October 14, 2018: "What Are You Looking For?"

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What Are You Looking For?

John 1:29-39


The next day he saw Jesus coming toward him and declared, “Here is the Lamb of God who takes away the sin of the world! This is he of whom I said, ‘After me comes a man who ranks ahead of me because he was before me.’ I myself did not know him; but I came baptizing with water for this reason, that he might be revealed to Israel.”  And John testified, “I saw the Spirit descending from heaven like a dove, and it remained on him.  I myself did not know him, but the one who sent me to baptize with water said to me, ‘He on whom you see the Spirit descend and remain is the one who baptizes with the Holy Spirit.’ And I myself have seen and have testified that this is the Son of God.” The next day John again was standing with two of his disciples,  and as he watched Jesus walk by, he exclaimed, “Look, here is the Lamb of God!” The two disciples heard him say this, and they followed Jesus. When Jesus turned and saw them following, he said to them, “What are you looking for?” They said to him, “Rabbi” (which translated means Teacher), “where are you staying?” He said to them, “Come and see.” They came and saw where he was staying, and they remained with him that day. It was about four o’clock in the afternoon.


 “What are you looking for?” Jesus asked the curious men.

I believe that Jesus gave up omniscience when he took on human form, so when he asked this question to the two men, chances are he didn’t know the answer.

“What are you looking for?” he asked them. “We’re looking for the restroom,” could have been their answer. Or on the other hand, “We’re looking for salvation and a cure to our existential angst,” could have been their reply. But instead, they answered Jesus’ question with a question of their own, “Uh, where are you staying?”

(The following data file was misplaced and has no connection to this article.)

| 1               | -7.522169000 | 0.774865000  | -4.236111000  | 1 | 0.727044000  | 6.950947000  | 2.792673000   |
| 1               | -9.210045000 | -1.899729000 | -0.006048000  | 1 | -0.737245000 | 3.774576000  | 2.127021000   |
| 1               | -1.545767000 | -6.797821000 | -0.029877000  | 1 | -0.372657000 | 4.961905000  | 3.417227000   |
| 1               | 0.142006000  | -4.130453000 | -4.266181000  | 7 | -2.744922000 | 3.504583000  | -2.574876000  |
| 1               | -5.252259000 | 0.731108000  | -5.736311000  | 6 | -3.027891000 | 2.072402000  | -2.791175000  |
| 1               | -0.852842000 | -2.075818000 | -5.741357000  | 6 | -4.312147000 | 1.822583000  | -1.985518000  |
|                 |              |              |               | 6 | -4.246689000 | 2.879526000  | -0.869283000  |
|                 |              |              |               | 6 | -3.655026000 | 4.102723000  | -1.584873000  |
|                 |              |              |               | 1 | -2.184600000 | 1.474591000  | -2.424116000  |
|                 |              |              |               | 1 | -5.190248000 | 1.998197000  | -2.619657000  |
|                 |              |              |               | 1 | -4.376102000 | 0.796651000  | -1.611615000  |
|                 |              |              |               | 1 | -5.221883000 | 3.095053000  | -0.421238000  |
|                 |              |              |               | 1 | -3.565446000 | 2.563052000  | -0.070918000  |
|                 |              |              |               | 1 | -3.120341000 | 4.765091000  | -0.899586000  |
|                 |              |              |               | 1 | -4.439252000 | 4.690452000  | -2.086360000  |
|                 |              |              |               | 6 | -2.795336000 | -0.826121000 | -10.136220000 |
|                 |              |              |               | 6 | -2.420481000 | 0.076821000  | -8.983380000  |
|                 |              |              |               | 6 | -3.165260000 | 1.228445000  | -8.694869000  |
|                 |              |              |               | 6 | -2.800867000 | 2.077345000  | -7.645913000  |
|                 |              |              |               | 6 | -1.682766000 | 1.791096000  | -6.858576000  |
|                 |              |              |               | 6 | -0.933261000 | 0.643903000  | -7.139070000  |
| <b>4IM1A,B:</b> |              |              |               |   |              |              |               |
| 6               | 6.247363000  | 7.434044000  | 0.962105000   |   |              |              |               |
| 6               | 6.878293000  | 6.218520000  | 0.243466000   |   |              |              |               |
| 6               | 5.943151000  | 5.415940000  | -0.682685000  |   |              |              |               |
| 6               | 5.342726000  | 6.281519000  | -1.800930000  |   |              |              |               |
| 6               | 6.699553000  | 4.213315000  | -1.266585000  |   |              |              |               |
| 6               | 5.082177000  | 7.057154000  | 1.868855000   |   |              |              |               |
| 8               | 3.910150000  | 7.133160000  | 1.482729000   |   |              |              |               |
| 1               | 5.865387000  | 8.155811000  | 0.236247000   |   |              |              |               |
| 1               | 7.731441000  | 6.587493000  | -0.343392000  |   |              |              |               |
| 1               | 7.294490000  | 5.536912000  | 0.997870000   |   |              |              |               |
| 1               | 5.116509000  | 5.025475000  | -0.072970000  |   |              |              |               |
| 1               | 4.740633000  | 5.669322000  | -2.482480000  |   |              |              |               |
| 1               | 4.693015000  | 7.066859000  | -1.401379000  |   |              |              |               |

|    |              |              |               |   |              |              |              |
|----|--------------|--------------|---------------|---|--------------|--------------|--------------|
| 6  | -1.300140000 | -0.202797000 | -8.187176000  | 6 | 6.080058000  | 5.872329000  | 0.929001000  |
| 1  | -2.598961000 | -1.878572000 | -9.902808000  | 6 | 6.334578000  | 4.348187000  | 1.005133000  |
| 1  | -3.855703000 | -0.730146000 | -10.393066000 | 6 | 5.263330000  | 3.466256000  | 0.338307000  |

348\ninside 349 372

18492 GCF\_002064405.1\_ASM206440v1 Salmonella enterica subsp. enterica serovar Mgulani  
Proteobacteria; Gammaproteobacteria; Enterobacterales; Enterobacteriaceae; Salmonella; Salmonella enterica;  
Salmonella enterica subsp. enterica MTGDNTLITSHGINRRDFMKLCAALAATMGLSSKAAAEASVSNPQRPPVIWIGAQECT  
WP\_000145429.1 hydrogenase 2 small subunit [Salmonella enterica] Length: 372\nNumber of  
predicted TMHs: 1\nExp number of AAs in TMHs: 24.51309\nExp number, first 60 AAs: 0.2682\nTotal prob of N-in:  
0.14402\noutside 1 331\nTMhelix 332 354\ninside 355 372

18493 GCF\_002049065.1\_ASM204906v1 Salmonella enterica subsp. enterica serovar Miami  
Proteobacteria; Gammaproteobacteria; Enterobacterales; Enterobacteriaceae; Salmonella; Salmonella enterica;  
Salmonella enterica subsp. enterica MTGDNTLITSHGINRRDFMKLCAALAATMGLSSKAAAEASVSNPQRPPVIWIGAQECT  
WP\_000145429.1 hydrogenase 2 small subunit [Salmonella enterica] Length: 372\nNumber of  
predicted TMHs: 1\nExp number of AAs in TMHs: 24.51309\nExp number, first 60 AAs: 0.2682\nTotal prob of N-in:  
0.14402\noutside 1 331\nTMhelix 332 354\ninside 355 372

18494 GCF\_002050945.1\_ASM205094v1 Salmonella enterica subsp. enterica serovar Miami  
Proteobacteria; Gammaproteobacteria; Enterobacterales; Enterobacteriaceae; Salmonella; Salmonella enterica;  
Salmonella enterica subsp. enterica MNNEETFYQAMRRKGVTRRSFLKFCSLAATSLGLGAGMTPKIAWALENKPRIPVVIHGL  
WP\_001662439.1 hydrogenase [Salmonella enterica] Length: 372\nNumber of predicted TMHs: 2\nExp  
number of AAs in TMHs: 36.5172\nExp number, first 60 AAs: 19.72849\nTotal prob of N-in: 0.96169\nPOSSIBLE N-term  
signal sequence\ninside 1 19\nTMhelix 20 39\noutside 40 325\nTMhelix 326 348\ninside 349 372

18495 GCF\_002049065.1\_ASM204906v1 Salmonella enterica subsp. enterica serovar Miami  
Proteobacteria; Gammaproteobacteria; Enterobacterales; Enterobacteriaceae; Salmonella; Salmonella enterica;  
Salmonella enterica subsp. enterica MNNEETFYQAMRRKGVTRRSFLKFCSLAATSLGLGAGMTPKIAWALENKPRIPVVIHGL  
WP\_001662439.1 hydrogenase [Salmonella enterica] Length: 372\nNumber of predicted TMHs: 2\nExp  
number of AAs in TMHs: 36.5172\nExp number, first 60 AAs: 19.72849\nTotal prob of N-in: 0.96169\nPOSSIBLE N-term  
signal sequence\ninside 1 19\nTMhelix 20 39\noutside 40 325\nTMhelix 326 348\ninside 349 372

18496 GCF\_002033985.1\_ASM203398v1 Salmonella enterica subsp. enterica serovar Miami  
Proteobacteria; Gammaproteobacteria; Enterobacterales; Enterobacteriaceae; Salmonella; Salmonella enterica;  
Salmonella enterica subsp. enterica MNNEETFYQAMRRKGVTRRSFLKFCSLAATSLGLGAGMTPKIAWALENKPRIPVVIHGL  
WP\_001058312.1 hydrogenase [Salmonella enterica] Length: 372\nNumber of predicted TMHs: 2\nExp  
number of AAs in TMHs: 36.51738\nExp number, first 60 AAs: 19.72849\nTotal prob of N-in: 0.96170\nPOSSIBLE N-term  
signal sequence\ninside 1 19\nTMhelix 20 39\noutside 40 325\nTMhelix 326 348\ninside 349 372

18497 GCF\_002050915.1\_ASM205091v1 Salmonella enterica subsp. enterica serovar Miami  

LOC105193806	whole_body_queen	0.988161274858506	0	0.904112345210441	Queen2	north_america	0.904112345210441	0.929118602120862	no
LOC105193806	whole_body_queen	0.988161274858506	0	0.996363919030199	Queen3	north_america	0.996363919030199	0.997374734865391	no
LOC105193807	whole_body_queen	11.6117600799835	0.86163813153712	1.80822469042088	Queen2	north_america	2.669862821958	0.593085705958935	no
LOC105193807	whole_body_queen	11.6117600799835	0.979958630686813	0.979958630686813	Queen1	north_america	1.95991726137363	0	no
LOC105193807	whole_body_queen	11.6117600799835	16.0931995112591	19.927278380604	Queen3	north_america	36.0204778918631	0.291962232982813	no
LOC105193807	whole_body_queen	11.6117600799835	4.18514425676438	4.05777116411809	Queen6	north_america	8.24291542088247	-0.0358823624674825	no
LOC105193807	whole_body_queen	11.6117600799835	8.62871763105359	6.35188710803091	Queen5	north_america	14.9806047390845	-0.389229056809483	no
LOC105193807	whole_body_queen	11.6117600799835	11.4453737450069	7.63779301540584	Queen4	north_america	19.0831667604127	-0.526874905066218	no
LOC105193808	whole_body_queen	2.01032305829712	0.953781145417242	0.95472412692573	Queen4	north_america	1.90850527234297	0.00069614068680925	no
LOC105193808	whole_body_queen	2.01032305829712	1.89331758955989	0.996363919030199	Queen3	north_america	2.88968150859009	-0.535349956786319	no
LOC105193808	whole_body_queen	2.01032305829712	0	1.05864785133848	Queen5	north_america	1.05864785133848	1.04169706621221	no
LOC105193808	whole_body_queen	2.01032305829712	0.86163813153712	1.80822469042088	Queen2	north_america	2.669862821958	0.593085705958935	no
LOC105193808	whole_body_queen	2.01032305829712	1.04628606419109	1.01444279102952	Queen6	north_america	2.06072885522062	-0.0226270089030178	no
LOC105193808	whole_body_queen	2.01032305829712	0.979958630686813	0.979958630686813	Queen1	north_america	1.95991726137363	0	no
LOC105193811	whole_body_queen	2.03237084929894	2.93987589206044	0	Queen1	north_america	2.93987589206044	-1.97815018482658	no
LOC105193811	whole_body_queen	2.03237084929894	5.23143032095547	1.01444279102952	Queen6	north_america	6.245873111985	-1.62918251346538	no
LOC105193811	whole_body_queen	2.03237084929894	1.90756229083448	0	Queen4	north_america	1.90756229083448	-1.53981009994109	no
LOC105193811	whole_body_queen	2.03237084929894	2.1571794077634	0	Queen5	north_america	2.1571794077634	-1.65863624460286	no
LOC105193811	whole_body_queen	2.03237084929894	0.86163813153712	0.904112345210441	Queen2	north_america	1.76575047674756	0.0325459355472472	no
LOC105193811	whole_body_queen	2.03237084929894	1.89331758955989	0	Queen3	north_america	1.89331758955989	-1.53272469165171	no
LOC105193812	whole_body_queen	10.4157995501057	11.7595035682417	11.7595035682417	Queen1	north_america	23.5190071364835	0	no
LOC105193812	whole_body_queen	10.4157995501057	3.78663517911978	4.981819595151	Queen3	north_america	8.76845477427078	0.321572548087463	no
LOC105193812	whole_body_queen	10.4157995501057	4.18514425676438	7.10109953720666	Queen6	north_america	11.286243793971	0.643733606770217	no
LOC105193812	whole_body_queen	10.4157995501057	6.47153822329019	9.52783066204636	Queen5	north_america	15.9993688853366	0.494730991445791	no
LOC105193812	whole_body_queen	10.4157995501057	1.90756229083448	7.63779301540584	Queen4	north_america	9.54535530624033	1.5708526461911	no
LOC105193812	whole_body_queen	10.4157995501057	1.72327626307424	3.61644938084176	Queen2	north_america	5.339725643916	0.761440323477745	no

Well played, future disciples. Well played.

I’ve been around long enough to know that sometimes it’s best not to give a direct answer. Good politicians are masters at giving non-answers. Most of us are pretty good at it too. When the question, “What are you looking for?” is posed on a first date, most people know not to answer, “I’m looking to get married and have babies as soon as possible.” When the question, “What are you looking for?” is posed in an interview, most people know not to answer, “I’m looking for a six-figure salary with 300 vacation days and a 20-year contract.” That just not how these things work. It’s not how faith works, either. In the same way that dating and job interviews are like a dance, faith is a dance. The Spirit of God is the music; we move to the unfolding melody set forth at the beginning of time.

So the men asked Jesus, “Where are you staying?” That’s a pretty innocuous question, among all the questions they could have asked. They could have asked Jesus where he stood on the controversial issues of the day, like “Gillum or Desantis for governor?” or “Strong mayor or no strong mayor?” Depending on Jesus’ answer, they would have made a judgment on Jesus, placed him in a camp of “right or wrong,” placing their presuppositions upon him, and circumventing the dance and the process of learning about Jesus first hand. The invitation Jesus offered, “What are you looking for?” is followed by a reciprocal invitation, “Where are you staying?” Both questions seek response and relationship. Simple, inviting questions. Did Jesus answer their question directly? “I’m staying at the Sandpearl.” Again, no. How did Jesus reply? “Come and see.” Again, an invitation to more. And so the dance begins.

I love the metaphor of the dance to describe faith. So much of religion has become all about dogma:

·      1 Our Father

·      3 Hail Marys

·      4 spiritual laws

·      12 steps of . . . well . . . everything

·      613 laws of Judaism

When we codify faith like that, we sometimes lose the spirit of the faith. That’s what the Apostle Paul made clear to the church at Corinth in 1 Corinthians 3:4,6,17:

Such is the confidence that we have through Christ toward God . . . who has made us competent to be ministers of a new covenant, not of letter but of spirit; for the letter kills, but the Spirit gives life . . . and where the Spirit of the Lord is, there is freedom.

Freedom! Religion that has all the answers, theology that fits neatly into a system, preachers who leave no room for mystery—that kind of faith isn’t a dance but a death sentence. Like Paul says—it kills.

But Jesus invited the two curious men to “come and see.” To enter the dance of relationship.